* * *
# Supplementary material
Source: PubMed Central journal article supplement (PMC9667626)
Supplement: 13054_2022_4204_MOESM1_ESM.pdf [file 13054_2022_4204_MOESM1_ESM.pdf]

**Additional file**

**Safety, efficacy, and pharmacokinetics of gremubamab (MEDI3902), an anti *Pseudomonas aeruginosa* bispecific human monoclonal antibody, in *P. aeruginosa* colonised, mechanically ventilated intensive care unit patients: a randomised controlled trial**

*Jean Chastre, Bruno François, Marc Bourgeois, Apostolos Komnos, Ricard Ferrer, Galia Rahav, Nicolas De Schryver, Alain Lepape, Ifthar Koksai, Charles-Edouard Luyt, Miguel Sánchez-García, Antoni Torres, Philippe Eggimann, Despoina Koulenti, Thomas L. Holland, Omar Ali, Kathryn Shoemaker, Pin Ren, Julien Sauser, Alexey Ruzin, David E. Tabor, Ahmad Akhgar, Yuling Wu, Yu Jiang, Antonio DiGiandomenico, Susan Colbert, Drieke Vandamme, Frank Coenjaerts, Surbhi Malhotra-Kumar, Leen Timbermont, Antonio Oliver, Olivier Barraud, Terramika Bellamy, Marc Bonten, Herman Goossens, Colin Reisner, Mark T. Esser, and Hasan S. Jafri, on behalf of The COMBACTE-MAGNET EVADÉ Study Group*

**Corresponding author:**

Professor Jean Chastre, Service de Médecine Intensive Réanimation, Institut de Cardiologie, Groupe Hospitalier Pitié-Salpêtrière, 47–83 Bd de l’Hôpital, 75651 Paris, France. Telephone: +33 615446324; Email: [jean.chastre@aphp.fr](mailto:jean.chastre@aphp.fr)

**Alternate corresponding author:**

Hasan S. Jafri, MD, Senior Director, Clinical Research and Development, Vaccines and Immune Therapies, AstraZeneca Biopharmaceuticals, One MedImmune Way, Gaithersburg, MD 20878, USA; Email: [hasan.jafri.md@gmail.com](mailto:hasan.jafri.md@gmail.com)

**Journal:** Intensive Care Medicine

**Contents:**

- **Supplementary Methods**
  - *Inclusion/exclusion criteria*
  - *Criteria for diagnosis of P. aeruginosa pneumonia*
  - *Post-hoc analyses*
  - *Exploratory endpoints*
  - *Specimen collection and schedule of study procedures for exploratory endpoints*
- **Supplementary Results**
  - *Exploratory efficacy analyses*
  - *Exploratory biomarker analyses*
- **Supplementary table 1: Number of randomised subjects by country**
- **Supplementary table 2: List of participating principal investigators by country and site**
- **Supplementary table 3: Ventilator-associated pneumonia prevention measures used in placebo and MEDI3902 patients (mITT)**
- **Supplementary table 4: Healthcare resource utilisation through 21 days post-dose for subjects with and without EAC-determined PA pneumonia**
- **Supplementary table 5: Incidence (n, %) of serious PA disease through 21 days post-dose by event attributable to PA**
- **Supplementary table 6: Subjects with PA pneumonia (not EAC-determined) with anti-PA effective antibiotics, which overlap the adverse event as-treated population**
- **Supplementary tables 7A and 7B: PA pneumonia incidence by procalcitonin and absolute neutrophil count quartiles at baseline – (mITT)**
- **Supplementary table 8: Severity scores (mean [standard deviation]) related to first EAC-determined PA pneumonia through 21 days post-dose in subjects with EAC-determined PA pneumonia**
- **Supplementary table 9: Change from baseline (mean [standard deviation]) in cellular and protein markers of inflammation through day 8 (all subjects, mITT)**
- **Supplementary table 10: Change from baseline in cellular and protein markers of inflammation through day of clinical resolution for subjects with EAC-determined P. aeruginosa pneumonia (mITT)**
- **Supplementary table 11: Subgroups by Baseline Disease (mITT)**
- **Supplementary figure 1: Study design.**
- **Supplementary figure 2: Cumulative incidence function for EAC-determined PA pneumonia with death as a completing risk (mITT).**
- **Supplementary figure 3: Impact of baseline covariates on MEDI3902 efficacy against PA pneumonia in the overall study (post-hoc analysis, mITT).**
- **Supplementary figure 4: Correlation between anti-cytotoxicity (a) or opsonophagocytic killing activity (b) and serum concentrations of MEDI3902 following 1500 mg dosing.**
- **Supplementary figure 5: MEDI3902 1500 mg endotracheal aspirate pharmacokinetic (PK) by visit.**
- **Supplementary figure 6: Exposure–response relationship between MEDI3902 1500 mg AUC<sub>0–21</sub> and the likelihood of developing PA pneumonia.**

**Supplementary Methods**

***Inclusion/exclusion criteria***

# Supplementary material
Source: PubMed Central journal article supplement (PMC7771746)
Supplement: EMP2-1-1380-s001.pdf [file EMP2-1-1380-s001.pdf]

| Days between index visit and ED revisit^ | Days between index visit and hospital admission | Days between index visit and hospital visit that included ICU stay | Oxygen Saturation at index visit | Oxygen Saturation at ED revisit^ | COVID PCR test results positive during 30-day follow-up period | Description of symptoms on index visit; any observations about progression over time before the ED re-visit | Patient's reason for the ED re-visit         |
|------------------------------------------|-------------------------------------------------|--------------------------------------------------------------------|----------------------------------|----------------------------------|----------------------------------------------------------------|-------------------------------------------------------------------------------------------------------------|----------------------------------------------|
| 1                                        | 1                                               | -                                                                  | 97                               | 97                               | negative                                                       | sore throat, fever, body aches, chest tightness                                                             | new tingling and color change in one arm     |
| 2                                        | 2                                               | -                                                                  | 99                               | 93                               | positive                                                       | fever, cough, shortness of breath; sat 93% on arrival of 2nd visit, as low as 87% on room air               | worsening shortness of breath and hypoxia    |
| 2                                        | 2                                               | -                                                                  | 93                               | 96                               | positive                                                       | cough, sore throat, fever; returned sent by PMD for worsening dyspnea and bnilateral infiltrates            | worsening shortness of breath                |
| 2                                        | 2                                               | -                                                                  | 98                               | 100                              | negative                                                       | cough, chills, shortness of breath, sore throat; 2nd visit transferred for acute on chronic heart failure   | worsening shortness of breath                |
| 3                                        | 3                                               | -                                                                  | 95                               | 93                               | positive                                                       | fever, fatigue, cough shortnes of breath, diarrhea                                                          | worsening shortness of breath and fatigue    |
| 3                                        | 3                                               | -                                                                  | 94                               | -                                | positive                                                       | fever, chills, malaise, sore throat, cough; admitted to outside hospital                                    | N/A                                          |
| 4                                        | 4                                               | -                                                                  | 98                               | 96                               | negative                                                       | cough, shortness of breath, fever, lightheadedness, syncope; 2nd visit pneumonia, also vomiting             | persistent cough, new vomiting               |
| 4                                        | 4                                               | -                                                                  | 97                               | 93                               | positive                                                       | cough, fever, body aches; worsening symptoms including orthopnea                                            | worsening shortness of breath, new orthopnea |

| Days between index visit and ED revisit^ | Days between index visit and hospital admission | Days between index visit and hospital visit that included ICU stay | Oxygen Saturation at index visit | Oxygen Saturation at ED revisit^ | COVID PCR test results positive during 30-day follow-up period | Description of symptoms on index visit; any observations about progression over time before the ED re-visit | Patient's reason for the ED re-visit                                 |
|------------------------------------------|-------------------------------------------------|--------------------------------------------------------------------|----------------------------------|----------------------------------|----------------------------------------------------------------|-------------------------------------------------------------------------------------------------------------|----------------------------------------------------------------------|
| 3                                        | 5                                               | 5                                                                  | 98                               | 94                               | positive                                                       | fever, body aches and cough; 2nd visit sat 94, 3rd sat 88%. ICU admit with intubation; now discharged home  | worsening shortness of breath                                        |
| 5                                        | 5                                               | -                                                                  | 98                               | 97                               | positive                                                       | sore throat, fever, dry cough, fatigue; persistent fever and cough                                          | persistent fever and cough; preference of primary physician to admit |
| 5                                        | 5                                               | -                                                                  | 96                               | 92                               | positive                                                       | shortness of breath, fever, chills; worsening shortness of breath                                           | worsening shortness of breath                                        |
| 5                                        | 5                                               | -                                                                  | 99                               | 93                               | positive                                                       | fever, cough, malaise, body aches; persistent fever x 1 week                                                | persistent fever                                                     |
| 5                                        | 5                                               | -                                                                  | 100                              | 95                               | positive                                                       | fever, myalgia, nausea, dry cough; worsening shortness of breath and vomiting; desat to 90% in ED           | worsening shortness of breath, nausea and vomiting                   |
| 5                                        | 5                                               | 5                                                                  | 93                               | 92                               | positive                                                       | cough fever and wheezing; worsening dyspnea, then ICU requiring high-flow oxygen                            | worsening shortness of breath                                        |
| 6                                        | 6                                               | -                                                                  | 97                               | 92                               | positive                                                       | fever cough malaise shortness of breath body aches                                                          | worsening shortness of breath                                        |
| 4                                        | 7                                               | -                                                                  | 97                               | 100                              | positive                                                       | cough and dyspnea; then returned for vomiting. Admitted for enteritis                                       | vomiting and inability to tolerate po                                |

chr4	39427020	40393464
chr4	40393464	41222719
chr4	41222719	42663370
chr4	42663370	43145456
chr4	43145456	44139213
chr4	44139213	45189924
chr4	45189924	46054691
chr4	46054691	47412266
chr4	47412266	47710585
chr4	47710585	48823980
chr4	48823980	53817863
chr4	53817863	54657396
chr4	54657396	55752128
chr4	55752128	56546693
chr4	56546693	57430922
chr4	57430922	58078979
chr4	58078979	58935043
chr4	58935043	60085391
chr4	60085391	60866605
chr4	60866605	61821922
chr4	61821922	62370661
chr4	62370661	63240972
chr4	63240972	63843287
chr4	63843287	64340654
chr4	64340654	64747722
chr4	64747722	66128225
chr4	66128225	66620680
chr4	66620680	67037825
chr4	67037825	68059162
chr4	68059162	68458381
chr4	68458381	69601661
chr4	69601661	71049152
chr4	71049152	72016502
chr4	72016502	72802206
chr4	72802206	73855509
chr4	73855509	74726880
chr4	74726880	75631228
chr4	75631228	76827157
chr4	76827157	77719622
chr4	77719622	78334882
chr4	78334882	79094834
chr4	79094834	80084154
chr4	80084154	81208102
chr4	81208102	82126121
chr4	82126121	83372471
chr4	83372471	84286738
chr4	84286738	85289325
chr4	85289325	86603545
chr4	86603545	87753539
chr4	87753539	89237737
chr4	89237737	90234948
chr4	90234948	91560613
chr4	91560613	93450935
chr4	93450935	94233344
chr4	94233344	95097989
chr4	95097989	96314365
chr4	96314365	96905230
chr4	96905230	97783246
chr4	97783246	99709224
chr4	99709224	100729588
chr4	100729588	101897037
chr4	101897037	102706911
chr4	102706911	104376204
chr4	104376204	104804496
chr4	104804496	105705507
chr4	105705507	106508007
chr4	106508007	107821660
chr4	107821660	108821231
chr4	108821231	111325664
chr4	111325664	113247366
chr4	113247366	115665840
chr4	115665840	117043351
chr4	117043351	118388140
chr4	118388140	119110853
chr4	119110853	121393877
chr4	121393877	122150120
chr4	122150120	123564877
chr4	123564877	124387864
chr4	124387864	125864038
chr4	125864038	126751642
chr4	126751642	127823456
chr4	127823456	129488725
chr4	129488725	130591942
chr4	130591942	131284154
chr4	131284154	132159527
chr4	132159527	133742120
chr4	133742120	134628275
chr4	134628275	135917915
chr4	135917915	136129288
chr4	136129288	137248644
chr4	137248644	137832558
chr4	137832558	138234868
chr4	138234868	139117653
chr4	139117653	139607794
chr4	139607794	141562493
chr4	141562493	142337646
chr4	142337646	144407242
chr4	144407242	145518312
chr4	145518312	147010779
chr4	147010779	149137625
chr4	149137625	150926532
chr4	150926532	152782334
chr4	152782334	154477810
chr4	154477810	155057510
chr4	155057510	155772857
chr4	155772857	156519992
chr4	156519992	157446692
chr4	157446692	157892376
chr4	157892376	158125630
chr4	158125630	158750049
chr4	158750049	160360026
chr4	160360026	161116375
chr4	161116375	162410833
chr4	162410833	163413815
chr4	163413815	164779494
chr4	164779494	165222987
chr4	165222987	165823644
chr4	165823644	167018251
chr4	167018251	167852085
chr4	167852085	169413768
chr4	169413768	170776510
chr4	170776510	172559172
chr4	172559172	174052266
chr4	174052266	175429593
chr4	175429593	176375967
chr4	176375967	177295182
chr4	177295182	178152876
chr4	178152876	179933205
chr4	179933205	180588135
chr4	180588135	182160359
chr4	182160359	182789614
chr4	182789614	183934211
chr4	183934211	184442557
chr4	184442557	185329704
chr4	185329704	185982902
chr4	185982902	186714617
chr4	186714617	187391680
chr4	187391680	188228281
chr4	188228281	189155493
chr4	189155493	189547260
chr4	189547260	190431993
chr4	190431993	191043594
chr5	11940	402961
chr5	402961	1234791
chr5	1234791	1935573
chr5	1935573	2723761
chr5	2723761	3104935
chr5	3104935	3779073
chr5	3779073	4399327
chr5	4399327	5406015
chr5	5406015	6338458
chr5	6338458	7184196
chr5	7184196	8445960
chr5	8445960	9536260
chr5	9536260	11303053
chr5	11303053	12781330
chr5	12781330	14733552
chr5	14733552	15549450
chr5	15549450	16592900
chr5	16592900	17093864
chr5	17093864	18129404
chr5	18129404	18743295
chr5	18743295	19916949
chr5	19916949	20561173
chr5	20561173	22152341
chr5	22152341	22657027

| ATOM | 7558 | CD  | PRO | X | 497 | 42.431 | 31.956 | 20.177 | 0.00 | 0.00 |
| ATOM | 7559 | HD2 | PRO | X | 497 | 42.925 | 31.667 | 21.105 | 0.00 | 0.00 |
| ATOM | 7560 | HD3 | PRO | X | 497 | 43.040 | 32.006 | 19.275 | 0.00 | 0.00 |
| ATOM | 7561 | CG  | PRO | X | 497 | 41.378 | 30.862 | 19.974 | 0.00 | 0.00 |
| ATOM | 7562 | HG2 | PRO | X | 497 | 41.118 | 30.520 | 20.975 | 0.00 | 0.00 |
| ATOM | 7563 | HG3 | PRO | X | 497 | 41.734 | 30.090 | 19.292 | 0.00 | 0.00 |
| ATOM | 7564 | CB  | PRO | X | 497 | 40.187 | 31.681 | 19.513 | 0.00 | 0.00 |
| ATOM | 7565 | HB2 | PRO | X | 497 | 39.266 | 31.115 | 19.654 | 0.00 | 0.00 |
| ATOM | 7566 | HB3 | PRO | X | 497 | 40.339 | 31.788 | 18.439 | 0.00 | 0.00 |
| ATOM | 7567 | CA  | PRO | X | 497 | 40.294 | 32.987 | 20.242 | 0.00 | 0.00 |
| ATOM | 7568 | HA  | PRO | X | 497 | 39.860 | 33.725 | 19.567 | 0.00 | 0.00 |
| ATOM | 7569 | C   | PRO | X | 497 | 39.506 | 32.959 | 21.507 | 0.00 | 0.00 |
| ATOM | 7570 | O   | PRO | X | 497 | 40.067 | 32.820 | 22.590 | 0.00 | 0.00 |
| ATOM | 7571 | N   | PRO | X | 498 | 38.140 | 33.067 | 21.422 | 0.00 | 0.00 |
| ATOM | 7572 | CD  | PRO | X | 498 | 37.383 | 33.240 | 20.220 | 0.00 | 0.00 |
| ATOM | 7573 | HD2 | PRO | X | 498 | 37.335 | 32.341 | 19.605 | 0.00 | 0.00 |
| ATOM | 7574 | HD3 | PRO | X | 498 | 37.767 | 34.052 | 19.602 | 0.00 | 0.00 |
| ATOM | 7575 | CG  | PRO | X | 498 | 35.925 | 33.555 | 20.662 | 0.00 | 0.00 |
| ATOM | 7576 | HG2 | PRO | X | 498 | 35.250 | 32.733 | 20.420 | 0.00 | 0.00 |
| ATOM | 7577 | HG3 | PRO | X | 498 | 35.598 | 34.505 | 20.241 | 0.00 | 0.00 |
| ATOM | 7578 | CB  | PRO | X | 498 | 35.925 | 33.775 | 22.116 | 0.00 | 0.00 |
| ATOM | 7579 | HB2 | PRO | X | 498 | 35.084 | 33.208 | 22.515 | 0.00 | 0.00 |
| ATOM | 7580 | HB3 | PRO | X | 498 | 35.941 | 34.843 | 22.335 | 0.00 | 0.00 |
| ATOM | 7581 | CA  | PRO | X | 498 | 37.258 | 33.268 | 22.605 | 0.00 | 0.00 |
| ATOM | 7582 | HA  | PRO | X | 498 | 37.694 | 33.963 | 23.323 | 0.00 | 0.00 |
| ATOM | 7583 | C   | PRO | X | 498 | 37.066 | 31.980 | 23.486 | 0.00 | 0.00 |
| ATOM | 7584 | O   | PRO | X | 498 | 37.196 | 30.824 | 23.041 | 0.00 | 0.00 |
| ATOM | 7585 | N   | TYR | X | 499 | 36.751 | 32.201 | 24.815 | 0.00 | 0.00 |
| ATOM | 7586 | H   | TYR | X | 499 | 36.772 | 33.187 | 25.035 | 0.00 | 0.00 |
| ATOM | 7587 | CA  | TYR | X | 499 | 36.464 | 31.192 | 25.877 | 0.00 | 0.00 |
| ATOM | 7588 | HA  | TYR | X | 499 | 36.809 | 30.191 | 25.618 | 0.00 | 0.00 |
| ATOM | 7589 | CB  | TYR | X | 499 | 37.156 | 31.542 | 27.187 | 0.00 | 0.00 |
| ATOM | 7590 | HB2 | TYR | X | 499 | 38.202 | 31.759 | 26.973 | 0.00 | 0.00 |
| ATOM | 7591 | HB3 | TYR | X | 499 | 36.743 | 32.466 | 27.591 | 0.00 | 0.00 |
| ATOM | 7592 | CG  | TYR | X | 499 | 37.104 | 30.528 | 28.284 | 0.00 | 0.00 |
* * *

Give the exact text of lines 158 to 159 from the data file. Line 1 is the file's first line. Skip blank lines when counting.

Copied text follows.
chr4	139607794	141562493
chr4	141562493	142337646